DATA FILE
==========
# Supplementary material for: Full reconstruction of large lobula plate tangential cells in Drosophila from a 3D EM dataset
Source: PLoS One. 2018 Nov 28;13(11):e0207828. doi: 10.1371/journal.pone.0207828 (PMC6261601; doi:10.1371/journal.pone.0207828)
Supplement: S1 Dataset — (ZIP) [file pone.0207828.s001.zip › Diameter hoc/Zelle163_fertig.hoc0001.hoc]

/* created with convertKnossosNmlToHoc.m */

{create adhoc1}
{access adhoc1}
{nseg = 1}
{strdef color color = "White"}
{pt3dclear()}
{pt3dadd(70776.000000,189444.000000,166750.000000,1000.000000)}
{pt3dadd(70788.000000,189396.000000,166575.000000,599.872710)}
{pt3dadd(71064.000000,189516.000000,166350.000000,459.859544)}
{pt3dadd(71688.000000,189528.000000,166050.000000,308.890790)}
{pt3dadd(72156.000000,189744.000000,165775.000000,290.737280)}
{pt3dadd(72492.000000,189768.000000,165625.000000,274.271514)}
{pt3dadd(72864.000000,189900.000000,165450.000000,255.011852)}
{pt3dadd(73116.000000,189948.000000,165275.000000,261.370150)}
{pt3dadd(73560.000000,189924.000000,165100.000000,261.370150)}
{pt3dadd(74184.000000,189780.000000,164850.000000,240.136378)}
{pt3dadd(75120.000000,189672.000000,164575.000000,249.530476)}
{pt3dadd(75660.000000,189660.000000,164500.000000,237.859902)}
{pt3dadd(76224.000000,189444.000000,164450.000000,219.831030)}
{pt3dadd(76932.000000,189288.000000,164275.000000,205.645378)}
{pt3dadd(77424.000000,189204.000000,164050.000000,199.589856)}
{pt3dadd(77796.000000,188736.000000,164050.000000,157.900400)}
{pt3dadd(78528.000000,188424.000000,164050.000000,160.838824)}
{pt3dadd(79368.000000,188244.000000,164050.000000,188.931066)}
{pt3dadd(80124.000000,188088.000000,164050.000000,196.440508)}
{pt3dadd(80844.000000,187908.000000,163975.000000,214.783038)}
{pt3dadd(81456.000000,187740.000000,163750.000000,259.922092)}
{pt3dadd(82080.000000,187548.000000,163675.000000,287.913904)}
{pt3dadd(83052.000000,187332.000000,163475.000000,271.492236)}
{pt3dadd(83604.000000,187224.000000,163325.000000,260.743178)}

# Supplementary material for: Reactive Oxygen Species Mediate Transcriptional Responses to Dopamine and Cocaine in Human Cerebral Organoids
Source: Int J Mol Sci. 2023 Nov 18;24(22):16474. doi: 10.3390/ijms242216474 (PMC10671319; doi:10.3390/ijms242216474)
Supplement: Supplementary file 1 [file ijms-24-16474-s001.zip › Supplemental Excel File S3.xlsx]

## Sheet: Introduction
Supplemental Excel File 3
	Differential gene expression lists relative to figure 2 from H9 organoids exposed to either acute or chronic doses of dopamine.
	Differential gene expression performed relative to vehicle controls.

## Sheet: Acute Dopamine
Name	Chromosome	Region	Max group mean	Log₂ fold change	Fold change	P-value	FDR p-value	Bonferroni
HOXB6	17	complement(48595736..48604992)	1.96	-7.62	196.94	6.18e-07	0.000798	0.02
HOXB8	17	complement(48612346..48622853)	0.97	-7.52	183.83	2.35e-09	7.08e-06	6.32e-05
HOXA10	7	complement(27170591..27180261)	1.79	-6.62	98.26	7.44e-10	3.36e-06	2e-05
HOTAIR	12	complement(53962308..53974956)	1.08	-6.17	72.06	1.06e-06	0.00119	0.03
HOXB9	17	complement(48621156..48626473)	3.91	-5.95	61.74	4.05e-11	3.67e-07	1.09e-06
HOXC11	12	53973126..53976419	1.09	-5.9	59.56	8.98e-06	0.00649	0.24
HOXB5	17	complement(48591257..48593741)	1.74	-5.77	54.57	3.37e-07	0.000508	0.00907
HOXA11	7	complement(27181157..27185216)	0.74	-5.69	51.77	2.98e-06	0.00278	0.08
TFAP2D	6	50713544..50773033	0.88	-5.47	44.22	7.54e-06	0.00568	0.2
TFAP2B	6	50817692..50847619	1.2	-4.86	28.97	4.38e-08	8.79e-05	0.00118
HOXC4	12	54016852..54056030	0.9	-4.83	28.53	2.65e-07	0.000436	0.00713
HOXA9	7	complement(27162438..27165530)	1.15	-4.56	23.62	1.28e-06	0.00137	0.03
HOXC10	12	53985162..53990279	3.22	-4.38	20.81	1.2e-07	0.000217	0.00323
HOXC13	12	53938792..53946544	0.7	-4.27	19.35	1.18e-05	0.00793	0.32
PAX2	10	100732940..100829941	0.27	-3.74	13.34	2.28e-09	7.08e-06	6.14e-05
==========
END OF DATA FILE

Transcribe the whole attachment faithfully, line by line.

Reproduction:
# Supplementary material for: Full reconstruction of large lobula plate tangential cells in Drosophila from a 3D EM dataset
Source: PLoS One. 2018 Nov 28;13(11):e0207828. doi: 10.1371/journal.pone.0207828 (PMC6261601; doi:10.1371/journal.pone.0207828)
Supplement: S1 Dataset — (ZIP) [file pone.0207828.s001.zip › Diameter hoc/Zelle163_fertig.hoc0001.hoc]

/* created with convertKnossosNmlToHoc.m */

{create adhoc1}
{access adhoc1}
{nseg = 1}
{strdef color color = "White"}
{pt3dclear()}
{pt3dadd(70776.000000,189444.000000,166750.000000,1000.000000)}
{pt3dadd(70788.000000,189396.000000,166575.000000,599.872710)}
{pt3dadd(71064.000000,189516.000000,166350.000000,459.859544)}
{pt3dadd(71688.000000,189528.000000,166050.000000,308.890790)}
{pt3dadd(72156.000000,189744.000000,165775.000000,290.737280)}
{pt3dadd(72492.000000,189768.000000,165625.000000,274.271514)}
{pt3dadd(72864.000000,189900.000000,165450.000000,255.011852)}
{pt3dadd(73116.000000,189948.000000,165275.000000,261.370150)}
{pt3dadd(73560.000000,189924.000000,165100.000000,261.370150)}
{pt3dadd(74184.000000,189780.000000,164850.000000,240.136378)}
{pt3dadd(75120.000000,189672.000000,164575.000000,249.530476)}
{pt3dadd(75660.000000,189660.000000,164500.000000,237.859902)}
{pt3dadd(76224.000000,189444.000000,164450.000000,219.831030)}
{pt3dadd(76932.000000,189288.000000,164275.000000,205.645378)}
{pt3dadd(77424.000000,189204.000000,164050.000000,199.589856)}
{pt3dadd(77796.000000,188736.000000,164050.000000,157.900400)}
{pt3dadd(78528.000000,188424.000000,164050.000000,160.838824)}
{pt3dadd(79368.000000,188244.000000,164050.000000,188.931066)}
{pt3dadd(80124.000000,188088.000000,164050.000000,196.440508)}
{pt3dadd(80844.000000,187908.000000,163975.000000,214.783038)}
{pt3dadd(81456.000000,187740.000000,163750.000000,259.922092)}
{pt3dadd(82080.000000,187548.000000,163675.000000,287.913904)}
{pt3dadd(83052.000000,187332.000000,163475.000000,271.492236)}
{pt3dadd(83604.000000,187224.000000,163325.000000,260.743178)}

# Supplementary material for: Reactive Oxygen Species Mediate Transcriptional Responses to Dopamine and Cocaine in Human Cerebral Organoids
Source: Int J Mol Sci. 2023 Nov 18;24(22):16474. doi: 10.3390/ijms242216474 (PMC10671319; doi:10.3390/ijms242216474)
Supplement: Supplementary file 1 [file ijms-24-16474-s001.zip › Supplemental Excel File S3.xlsx]

## Sheet: Introduction
Supplemental Excel File 3
	Differential gene expression lists relative to figure 2 from H9 organoids exposed to either acute or chronic doses of dopamine.
	Differential gene expression performed relative to vehicle controls.

## Sheet: Acute Dopamine
Name	Chromosome	Region	Max group mean	Log₂ fold change	Fold change	P-value	FDR p-value	Bonferroni
HOXB6	17	complement(48595736..48604992)	1.96	-7.62	196.94	6.18e-07	0.000798	0.02
HOXB8	17	complement(48612346..48622853)	0.97	-7.52	183.83	2.35e-09	7.08e-06	6.32e-05
HOXA10	7	complement(27170591..27180261)	1.79	-6.62	98.26	7.44e-10	3.36e-06	2e-05
HOTAIR	12	complement(53962308..53974956)	1.08	-6.17	72.06	1.06e-06	0.00119	0.03
HOXB9	17	complement(48621156..48626473)	3.91	-5.95	61.74	4.05e-11	3.67e-07	1.09e-06
HOXC11	12	53973126..53976419	1.09	-5.9	59.56	8.98e-06	0.00649	0.24
HOXB5	17	complement(48591257..48593741)	1.74	-5.77	54.57	3.37e-07	0.000508	0.00907
HOXA11	7	complement(27181157..27185216)	0.74	-5.69	51.77	2.98e-06	0.00278	0.08
TFAP2D	6	50713544..50773033	0.88	-5.47	44.22	7.54e-06	0.00568	0.2
TFAP2B	6	50817692..50847619	1.2	-4.86	28.97	4.38e-08	8.79e-05	0.00118
HOXC4	12	54016852..54056030	0.9	-4.83	28.53	2.65e-07	0.000436	0.00713
HOXA9	7	complement(27162438..27165530)	1.15	-4.56	23.62	1.28e-06	0.00137	0.03
HOXC10	12	53985162..53990279	3.22	-4.38	20.81	1.2e-07	0.000217	0.00323
HOXC13	12	53938792..53946544	0.7	-4.27	19.35	1.18e-05	0.00793	0.32
PAX2	10	100732940..100829941	0.27	-3.74	13.34	2.28e-09	7.08e-06	6.14e-05